Spun Movie Review
But with an eclectic cast that includes John Leguizamo, Mena Suvari, and Mickey Rourke, Spun is more about exuberant editing providing a humorous glimpse into a small, bored, drug community than a focus on any particular acting or writing talent. Once the pizzazz of quick cuts and graphic novel touches has washed over the normal tell-tale signs of substance abuse by all the characters, you're left with another drug movie that feels as if it's trying too hard to be Trainspotting, without the spiffy production design.
To its credit, the cast does a stellar job of being interesting to watch, even if there's nothing particularly new to their rote, mounting paranoia and instant gratification reflexes. Schwartzman's range is admirable beyond the fact that he's obviously worked out quite a bit since being "the geek" a few years ago. Leguizamo's hyperactivity translates well into the type of unpredictability we've come to expect from a dealer, and his relationship with girlfriend Suvari actually has unexpected moments of charm and laughter.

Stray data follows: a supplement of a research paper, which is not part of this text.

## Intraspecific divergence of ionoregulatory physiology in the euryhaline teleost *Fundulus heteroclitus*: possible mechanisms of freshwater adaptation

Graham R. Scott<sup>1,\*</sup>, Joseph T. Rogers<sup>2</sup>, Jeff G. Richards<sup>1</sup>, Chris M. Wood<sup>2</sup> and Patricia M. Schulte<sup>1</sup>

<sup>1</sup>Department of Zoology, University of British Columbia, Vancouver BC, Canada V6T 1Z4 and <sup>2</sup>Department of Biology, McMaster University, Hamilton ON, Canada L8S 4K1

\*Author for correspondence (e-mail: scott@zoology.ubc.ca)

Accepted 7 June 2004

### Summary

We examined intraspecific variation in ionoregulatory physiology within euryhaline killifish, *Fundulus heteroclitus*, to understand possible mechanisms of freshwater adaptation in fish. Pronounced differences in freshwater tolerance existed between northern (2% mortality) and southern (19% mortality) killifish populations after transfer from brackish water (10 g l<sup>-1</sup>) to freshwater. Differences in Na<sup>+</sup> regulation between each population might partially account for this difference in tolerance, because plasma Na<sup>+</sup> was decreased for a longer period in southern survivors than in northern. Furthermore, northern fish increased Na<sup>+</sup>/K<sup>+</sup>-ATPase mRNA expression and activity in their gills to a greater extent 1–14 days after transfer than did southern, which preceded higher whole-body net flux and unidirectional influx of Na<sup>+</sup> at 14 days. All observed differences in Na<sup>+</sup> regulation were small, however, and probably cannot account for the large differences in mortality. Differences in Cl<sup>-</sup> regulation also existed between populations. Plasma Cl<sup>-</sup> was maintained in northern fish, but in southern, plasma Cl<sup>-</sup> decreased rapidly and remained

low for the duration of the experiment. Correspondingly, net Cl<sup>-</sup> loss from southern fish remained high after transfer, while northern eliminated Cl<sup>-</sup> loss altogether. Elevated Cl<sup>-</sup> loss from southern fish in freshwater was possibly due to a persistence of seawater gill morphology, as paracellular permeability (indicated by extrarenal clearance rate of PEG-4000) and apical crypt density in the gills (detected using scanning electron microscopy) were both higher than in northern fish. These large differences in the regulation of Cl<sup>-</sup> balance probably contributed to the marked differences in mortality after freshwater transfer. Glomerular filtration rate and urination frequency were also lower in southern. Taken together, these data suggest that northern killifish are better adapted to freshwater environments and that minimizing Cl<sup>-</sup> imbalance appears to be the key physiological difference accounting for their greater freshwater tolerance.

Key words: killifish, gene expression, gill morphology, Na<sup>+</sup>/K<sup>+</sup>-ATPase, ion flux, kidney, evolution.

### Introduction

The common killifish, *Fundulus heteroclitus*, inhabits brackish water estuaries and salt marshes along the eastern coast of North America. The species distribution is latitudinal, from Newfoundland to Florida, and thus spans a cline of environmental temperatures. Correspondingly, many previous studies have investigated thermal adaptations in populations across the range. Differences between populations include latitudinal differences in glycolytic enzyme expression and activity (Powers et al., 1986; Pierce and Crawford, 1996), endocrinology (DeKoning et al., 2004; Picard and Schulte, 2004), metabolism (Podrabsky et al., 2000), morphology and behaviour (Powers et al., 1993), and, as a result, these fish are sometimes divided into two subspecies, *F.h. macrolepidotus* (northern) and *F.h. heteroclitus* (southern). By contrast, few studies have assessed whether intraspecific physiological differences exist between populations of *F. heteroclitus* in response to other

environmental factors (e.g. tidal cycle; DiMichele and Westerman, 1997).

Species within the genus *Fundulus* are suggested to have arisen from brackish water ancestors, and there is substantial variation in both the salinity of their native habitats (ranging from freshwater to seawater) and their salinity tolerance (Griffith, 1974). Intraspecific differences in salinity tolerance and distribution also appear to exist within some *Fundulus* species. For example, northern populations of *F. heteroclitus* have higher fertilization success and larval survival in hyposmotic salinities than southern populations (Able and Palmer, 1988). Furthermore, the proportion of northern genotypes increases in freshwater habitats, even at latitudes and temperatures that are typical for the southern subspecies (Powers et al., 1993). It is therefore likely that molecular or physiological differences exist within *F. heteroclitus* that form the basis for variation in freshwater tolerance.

The direction, from newcomer Jonas Åkerlund, shows a stronger sense of style merging with content than one would expect out of a previous video music director. The film holds well under just the right amount of visual grit and the transitions between personal hallucination and returning to the present are tightly glued.
What drags in this speed scene is not the cohesion or characters but the story that binds them on screen. Once Ross (Schwartzman) has kept his unfortunate date naked and tied to the bed the first time, it becomes tiresome to concentrate on his repetitively poor reasoning and her struggling over the next several times he returns to find her there still. Why every movie based on drugs requires a scene in the toilet is also beyond comprehension, though it is rare that a film will tackle constipation as a side effect of using. Ross's dreamy notions of his ex-girlfriend are also easy to anticipate, as is their conclusion, so the buildup also becomes irritating.
However, Spun is an energetic, entertaining work with people well worth watching for under two hours. It intermittently tries the attention span, but it's also a respectful enough combination between actors and director that you don't feel cheated after sitting through it. If you care enough, you'll find dropped hints on deeper issues glanced over with a frivolousness that attempts to keep judgmental notions from encroaching too far into enjoyment. Because you can read between the lines, or simply take it all at face value and come out realizing that Spun isn't taking itself any more seriously than the characters within take their own lives. Expect much rapid eye movement and automatically raised eyebrows. Some fun spice includes brief stints by Deborah Harry, Eric Roberts, and a cameo by Pornstar subject Ron Jeremy.
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